Motor Skills & Reaction Time
As we age, many of us find that our reaction time slows, making it harder to manage dangerous driving situations such as another driver pulling out in front of us unexpectedly. Slower reaction times can be caused by diminishing motor skills – a side-effect of common age-related diseases, such as arthritis – and by our decreased ability to concentrate.
Degenerative or inflammatory arthritis can result in pain, as well as loss of muscle strength, range of motion and function of the involved joints. People with arthritis may have difficulty turning their heads to perform safety checks because of pain and stiffness of the cervical and thoracolumbar spine. Inflammatory arthritis can result in persistent pain and reduced range of movement in multiple joints, including knees, ankles, hips, shoulders, elbows, wrists and joints of the hands.
An individual should be restricted from driving if pain adversely affects his or her ability to drive safely or if he or she lacks range of movement or strength to execute the coordinated activities required. However, most difficulties of this type can be overcome by simple modifications to the vehicle or adjustment of driving technique. If there are concerns, the individual should be required to demonstrate his or her ability to a driver examiner.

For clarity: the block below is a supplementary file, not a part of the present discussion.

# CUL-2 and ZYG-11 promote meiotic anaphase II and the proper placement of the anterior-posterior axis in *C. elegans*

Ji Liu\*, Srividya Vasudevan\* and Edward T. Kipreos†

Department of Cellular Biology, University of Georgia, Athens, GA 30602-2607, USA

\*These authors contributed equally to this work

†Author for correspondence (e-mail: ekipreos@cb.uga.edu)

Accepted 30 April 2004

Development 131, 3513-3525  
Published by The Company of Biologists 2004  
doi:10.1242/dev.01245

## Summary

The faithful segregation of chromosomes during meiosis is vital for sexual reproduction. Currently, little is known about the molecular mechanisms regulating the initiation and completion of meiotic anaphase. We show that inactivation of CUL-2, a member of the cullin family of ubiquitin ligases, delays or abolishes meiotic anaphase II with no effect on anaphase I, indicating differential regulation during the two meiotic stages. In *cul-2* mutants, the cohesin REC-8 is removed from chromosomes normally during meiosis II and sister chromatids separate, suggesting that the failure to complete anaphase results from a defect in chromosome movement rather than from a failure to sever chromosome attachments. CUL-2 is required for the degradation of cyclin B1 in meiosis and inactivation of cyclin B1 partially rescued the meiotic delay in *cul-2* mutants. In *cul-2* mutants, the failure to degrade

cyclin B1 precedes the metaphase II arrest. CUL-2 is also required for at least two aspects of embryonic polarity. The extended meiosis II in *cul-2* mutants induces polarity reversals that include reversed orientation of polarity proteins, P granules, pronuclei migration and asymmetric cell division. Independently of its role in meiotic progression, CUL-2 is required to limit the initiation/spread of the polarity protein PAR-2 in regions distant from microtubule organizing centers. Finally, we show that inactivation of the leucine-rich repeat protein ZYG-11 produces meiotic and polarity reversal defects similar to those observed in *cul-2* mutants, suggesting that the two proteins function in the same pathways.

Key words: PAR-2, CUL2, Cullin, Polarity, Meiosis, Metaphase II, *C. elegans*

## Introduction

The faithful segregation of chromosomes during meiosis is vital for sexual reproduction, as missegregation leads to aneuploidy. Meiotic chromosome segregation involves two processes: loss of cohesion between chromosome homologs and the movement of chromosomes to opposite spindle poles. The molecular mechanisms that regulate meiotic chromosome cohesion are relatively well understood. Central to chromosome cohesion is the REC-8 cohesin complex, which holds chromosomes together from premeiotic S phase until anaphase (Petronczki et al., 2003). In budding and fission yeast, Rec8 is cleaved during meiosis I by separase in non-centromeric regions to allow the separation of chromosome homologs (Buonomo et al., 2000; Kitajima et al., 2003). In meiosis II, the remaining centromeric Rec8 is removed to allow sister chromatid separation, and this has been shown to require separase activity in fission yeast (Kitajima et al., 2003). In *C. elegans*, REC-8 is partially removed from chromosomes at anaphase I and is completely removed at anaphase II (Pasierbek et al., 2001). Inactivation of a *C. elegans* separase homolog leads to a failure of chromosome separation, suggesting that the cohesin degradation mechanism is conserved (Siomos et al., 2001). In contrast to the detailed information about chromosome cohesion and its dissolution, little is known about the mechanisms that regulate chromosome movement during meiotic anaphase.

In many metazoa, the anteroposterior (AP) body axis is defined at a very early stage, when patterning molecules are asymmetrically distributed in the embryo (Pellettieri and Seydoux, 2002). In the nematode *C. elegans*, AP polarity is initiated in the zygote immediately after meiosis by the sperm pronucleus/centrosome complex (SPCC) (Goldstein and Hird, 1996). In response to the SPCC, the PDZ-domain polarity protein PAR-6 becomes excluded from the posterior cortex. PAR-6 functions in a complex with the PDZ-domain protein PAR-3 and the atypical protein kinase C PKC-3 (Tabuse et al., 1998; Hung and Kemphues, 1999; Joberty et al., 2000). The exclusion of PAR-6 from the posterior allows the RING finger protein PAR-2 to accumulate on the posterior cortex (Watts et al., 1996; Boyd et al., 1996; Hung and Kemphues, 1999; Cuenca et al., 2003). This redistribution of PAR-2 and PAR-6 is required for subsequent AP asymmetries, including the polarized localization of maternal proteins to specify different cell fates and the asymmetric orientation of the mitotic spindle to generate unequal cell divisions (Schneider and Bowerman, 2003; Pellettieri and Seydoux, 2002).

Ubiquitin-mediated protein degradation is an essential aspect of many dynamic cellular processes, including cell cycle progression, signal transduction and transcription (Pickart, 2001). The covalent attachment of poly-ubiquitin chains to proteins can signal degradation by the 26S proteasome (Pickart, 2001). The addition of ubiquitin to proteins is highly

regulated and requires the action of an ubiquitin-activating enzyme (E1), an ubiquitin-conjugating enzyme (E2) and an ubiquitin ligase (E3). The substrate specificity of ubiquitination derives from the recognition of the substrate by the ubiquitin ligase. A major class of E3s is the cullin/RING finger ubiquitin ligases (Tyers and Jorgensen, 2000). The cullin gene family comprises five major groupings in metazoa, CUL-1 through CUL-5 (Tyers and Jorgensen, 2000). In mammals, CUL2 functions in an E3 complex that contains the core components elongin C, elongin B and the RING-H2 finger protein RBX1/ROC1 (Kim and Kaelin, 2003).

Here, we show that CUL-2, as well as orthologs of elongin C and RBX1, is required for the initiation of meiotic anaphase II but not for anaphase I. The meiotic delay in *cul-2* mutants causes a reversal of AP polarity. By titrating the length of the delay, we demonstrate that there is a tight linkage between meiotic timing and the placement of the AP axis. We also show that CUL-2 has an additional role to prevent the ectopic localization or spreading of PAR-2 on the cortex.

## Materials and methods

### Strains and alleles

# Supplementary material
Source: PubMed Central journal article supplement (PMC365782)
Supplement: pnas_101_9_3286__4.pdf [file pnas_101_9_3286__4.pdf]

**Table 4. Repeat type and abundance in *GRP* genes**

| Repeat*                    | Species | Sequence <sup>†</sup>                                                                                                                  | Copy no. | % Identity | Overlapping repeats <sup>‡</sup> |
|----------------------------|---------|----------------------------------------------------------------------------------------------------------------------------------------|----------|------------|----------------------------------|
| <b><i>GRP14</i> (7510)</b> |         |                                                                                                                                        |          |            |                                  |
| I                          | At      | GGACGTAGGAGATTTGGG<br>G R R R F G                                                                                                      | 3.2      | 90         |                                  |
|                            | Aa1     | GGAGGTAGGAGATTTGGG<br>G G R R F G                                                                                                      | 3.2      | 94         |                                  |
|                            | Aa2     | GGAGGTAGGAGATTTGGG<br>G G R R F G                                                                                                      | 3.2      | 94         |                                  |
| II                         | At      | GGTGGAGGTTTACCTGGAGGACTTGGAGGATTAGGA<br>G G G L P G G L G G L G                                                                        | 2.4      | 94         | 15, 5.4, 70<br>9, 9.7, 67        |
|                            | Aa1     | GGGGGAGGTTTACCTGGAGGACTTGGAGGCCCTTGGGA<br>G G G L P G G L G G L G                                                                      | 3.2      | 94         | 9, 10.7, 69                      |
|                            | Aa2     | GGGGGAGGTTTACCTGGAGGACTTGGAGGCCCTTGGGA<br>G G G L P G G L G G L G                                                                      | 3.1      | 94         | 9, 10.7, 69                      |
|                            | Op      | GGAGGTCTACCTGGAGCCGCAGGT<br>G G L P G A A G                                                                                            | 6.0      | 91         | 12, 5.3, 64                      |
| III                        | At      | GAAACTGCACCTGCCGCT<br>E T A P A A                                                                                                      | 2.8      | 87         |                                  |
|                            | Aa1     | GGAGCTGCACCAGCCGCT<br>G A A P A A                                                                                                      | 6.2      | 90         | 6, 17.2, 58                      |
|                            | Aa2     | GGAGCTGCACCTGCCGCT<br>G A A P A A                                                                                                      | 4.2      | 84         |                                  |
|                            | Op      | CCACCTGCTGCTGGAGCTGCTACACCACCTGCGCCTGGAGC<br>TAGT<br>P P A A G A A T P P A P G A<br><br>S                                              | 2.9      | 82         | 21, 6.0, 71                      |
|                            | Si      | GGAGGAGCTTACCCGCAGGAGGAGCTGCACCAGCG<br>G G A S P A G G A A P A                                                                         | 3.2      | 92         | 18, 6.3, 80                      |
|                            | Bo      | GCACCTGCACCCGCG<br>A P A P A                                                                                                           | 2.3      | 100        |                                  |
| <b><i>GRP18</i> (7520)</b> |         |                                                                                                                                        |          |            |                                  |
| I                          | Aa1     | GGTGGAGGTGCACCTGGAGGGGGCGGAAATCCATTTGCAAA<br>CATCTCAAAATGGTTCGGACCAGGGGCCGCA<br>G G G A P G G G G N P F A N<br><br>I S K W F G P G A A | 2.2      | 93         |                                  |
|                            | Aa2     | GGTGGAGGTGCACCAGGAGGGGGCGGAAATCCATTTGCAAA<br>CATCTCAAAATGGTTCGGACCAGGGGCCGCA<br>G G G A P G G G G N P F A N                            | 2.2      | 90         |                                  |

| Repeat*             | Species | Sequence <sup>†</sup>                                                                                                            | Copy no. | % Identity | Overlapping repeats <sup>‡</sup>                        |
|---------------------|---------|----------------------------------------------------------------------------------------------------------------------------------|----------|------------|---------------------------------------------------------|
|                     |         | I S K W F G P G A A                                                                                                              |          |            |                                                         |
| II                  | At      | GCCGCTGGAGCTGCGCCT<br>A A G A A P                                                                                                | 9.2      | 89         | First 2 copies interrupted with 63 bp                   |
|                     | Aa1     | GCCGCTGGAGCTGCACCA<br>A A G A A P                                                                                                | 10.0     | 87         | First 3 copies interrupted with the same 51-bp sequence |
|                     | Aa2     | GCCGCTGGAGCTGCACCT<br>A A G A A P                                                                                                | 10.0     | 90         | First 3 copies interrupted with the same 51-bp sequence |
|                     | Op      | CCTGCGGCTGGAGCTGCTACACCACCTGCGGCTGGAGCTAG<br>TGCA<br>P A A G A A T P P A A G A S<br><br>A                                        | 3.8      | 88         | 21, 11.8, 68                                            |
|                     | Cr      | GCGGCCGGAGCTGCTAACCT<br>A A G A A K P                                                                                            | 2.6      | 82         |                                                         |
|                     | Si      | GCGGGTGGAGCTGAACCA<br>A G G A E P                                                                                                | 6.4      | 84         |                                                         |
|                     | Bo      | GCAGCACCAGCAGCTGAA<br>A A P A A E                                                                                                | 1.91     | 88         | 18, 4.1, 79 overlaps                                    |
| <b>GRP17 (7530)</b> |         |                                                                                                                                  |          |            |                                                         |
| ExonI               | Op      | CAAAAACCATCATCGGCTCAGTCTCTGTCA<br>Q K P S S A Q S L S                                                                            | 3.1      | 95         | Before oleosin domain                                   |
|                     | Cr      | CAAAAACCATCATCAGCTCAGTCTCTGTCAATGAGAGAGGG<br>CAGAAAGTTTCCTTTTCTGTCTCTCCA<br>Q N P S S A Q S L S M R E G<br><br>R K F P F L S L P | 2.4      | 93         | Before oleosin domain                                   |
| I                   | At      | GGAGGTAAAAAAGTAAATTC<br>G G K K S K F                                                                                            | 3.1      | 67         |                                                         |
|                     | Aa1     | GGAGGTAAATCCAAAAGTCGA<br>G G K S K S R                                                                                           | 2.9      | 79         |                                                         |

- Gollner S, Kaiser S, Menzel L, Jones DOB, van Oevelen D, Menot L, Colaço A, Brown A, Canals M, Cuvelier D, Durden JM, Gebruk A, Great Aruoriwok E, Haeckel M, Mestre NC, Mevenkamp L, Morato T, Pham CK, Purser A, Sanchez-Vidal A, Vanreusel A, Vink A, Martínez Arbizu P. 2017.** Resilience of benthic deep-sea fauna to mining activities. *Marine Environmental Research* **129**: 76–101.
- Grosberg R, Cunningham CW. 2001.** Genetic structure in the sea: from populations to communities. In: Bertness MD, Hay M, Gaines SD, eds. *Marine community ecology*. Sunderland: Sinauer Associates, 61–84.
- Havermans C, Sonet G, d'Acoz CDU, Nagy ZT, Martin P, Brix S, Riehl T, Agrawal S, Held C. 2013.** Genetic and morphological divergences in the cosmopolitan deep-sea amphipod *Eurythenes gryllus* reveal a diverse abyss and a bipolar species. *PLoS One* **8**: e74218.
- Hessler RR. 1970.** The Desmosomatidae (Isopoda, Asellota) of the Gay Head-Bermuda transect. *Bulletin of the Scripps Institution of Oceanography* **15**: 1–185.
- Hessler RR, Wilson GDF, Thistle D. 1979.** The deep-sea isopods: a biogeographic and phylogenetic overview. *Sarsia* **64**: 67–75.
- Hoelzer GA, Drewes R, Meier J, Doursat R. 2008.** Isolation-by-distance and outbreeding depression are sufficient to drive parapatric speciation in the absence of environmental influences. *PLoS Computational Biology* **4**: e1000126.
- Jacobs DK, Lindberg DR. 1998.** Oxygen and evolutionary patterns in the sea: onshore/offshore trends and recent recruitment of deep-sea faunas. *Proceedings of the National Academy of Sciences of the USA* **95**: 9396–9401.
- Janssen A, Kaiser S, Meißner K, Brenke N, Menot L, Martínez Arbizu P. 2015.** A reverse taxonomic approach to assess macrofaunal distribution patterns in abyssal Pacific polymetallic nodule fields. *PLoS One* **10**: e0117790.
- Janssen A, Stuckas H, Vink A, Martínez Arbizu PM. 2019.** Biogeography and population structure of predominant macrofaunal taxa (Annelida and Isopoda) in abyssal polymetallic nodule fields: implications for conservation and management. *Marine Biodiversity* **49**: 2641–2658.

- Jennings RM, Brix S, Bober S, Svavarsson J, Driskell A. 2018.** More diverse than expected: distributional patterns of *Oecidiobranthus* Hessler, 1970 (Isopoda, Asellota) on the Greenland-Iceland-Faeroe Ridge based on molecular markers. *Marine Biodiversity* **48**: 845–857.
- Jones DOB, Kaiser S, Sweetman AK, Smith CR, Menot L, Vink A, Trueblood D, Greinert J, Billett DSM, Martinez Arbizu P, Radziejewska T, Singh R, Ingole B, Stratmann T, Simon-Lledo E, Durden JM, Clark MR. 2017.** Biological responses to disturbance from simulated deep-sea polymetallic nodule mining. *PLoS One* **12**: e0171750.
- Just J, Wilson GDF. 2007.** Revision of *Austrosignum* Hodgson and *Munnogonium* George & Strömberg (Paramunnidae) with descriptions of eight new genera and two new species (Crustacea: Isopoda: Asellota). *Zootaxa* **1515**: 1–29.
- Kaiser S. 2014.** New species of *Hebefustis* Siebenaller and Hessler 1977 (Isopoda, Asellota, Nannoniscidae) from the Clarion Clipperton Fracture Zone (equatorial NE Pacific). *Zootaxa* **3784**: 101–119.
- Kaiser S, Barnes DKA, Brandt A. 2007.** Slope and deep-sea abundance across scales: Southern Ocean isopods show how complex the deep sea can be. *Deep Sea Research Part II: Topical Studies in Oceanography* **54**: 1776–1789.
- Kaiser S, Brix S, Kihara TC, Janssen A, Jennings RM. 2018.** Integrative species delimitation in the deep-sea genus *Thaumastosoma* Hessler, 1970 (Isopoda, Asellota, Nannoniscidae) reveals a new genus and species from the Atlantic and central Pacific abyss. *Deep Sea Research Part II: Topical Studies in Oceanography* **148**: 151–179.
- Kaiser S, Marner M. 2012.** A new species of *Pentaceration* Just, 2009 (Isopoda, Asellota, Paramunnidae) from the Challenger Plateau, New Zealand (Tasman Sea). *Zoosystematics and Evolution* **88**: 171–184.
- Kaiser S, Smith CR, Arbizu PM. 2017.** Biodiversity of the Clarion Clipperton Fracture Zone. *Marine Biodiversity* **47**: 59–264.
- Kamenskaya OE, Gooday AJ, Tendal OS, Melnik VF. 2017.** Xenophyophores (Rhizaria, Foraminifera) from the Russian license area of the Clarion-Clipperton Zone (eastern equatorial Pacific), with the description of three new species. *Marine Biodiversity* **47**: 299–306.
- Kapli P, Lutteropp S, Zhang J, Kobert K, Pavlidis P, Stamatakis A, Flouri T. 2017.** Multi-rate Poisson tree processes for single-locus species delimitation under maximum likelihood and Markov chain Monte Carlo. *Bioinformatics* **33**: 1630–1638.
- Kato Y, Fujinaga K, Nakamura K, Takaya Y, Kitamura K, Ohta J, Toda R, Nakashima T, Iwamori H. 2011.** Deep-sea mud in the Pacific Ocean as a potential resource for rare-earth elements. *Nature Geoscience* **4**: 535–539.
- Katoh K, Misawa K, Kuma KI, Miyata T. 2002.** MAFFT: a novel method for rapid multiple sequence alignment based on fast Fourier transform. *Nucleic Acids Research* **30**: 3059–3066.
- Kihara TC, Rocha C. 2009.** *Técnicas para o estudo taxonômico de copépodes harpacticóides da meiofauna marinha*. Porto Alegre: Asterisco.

Effectively manage dangerous situations on the road:
- Don’t drive if pain is adversely affecting our ability to react quickly.
- Don’t drive while distracted and remain focused on the task at hand at all times.
- Use the interactive driving skills assessment found here if you believe diminished motor skills and reaction times affect your ability to drive safely.
Canadian Medical Association, CMA Driver’s Guide Determining Medical Fitness to Operate Motor Vehicles, 8th Ed, Section 21, Ottawa: Canadian Medical Association, 2012, modified and used with the permission of CMA; recognition to Dr. Cabana. CMA does not assume any responsibility for liability arising from any error in or omission from the use of any information contained in these sections. Permission to photocopy this section should be sought from Access Copyright, One Yonge St, Suite 800, Toronto, ON M5E 1E5, T: (416) 868-1620, E: firstname.lastname@example.org.